Carroll is celebrating reaching the milestone of 75,000 acres preserved in the county with an exhibit, bus tours of nearby preserved farms and a commemoration ceremony at the annual Fall Harvest Celebration in October.
While the county had successfully preserved 75% of its 100,000-acre goal last year, plans had to be postponed due to the COVID-19 pandemic.
Chris Heyn, director of the Department of Land and Resource Management, told county commissioners at their meeting Thursday that the county’s agricultural preservation program is one of the top in the nation.
“It’s a fantastic program that provides economic benefit to our agricultural community and helps support the growth of what is really the No. 1 industry in Carroll County,” Heyn said.
The celebration will be held from 10 a.m. to 4 p.m. Oct. 16 at the Carroll County Farm Museum and is free to the public. The bus tours will begin around 10:30 a.m. and are expected to last about an hour. There will be two buses with limited space available, and individuals must register in advance online.
Brenda Dinne, special projects coordinator for the department, pointed out the county’s six-member agricultural preservation committee has been working to increase public awareness of the milestone. The celebration will be accompanied by an educational campaign promoting the benefits of preservation to the community and the importance of public support for “growing” preserved land acreage to attain the remaining 25,000 acres.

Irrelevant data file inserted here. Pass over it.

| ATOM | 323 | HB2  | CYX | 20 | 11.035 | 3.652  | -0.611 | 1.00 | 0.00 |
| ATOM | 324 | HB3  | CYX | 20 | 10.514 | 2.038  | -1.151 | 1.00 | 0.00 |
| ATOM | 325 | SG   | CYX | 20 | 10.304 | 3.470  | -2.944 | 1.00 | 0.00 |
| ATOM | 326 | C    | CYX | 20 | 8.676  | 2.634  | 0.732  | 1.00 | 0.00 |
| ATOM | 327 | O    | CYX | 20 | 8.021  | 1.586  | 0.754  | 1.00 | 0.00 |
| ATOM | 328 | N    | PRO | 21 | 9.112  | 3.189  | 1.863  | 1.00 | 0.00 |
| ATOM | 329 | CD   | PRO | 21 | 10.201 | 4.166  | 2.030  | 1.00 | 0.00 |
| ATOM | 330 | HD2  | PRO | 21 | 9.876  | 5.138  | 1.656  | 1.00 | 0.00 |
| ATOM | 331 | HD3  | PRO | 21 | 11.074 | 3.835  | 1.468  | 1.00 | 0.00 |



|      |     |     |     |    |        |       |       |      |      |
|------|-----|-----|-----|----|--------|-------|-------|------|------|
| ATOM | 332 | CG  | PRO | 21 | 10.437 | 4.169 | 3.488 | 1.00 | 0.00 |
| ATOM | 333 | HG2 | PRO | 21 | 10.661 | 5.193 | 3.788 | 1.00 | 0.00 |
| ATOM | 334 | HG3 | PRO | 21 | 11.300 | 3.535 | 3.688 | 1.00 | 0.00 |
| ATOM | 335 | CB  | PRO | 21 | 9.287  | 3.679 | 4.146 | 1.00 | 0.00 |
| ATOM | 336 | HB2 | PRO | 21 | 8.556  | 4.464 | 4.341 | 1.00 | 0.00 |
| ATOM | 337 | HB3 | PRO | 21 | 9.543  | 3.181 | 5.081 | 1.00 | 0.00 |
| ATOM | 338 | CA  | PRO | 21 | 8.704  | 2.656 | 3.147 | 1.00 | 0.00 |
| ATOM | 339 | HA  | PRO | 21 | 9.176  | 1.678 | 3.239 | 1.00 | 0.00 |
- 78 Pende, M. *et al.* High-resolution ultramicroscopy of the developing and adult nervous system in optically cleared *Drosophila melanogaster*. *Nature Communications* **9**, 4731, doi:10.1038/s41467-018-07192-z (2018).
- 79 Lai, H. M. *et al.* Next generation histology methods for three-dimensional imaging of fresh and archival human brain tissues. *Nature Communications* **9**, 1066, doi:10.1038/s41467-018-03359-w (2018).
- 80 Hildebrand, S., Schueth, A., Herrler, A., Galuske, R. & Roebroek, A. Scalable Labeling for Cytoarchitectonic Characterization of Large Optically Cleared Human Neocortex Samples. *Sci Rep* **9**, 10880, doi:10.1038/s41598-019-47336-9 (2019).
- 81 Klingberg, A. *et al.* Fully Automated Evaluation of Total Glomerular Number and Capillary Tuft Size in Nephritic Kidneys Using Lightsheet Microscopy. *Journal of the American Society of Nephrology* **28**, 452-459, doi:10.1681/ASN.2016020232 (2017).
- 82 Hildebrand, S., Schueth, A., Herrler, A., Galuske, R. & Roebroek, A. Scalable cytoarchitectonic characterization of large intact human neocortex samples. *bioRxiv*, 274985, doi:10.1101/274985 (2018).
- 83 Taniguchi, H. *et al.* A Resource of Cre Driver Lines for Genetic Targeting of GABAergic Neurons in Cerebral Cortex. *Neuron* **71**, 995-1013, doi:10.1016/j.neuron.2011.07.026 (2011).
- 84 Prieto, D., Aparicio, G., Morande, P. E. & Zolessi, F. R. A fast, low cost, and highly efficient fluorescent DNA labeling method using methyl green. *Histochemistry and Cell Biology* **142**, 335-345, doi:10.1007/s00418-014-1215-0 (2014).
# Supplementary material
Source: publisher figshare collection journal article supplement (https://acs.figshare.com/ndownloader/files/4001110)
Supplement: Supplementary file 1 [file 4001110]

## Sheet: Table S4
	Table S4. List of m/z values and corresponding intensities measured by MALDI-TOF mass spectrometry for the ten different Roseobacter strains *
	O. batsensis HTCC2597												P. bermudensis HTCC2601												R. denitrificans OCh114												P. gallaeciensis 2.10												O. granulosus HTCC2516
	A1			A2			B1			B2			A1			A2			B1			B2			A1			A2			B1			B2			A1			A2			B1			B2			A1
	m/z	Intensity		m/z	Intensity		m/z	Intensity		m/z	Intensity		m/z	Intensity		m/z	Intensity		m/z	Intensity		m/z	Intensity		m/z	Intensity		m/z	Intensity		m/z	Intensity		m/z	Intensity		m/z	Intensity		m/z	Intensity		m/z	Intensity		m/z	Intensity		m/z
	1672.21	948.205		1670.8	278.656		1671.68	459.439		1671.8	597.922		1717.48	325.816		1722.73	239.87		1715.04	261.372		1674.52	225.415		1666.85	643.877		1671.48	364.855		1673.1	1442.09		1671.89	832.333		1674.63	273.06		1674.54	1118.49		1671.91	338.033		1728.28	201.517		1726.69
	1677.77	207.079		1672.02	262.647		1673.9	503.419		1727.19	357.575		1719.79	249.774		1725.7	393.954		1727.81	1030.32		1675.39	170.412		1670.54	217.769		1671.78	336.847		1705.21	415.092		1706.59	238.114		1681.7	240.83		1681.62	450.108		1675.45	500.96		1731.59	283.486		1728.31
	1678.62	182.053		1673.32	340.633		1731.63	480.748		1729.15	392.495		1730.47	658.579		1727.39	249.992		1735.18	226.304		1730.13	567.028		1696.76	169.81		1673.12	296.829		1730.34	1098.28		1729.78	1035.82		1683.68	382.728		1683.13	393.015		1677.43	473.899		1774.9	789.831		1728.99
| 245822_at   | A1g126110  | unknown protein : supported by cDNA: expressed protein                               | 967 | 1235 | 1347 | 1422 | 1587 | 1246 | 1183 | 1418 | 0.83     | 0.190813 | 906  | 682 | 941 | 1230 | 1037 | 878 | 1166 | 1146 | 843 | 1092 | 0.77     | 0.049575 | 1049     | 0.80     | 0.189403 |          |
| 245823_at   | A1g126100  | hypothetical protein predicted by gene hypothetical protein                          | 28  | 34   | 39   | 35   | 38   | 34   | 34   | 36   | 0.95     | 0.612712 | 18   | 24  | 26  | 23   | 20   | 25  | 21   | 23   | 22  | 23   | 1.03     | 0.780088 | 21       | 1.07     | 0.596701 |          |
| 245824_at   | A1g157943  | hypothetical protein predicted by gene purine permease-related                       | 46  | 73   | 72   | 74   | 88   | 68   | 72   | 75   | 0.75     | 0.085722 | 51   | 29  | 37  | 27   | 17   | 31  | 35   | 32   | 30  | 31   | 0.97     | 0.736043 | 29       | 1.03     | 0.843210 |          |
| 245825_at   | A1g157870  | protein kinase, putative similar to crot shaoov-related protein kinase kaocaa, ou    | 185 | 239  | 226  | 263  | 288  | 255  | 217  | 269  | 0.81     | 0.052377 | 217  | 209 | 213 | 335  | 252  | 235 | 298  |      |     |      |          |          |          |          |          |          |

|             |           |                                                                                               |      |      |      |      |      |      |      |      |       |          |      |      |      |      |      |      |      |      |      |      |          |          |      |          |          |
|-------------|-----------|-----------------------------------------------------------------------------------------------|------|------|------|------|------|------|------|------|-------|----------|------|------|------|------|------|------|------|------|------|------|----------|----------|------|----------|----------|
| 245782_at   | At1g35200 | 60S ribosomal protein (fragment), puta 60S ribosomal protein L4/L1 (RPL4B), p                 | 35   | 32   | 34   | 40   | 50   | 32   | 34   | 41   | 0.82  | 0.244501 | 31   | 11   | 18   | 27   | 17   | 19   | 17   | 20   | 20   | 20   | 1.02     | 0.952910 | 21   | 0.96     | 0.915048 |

“We need that last 25,000 acres which are going to be harder to get than the first 75,000,” she said.
The commemorative ceremony is scheduled to begin at 12:30 p.m., and Dinne said Gov. Larry Hogan has been invited as the keynote speaker, although it is still too early to confirm his appearance. Local farming groups, lawmakers, county executives and agriculture preservation managers from neighboring counties have also been invited to attend.
“I know you guys put a lot of work into this … It’s going to be fantastic,” said Commissioner Richard Weaver, R-District 2. “It’s refreshing to know we’re going to have open areas in Carroll County.”
He mentioned the county possesses a nice balance between rural land and developed land.
“That is something that is not easy to achieve,” Weaver said.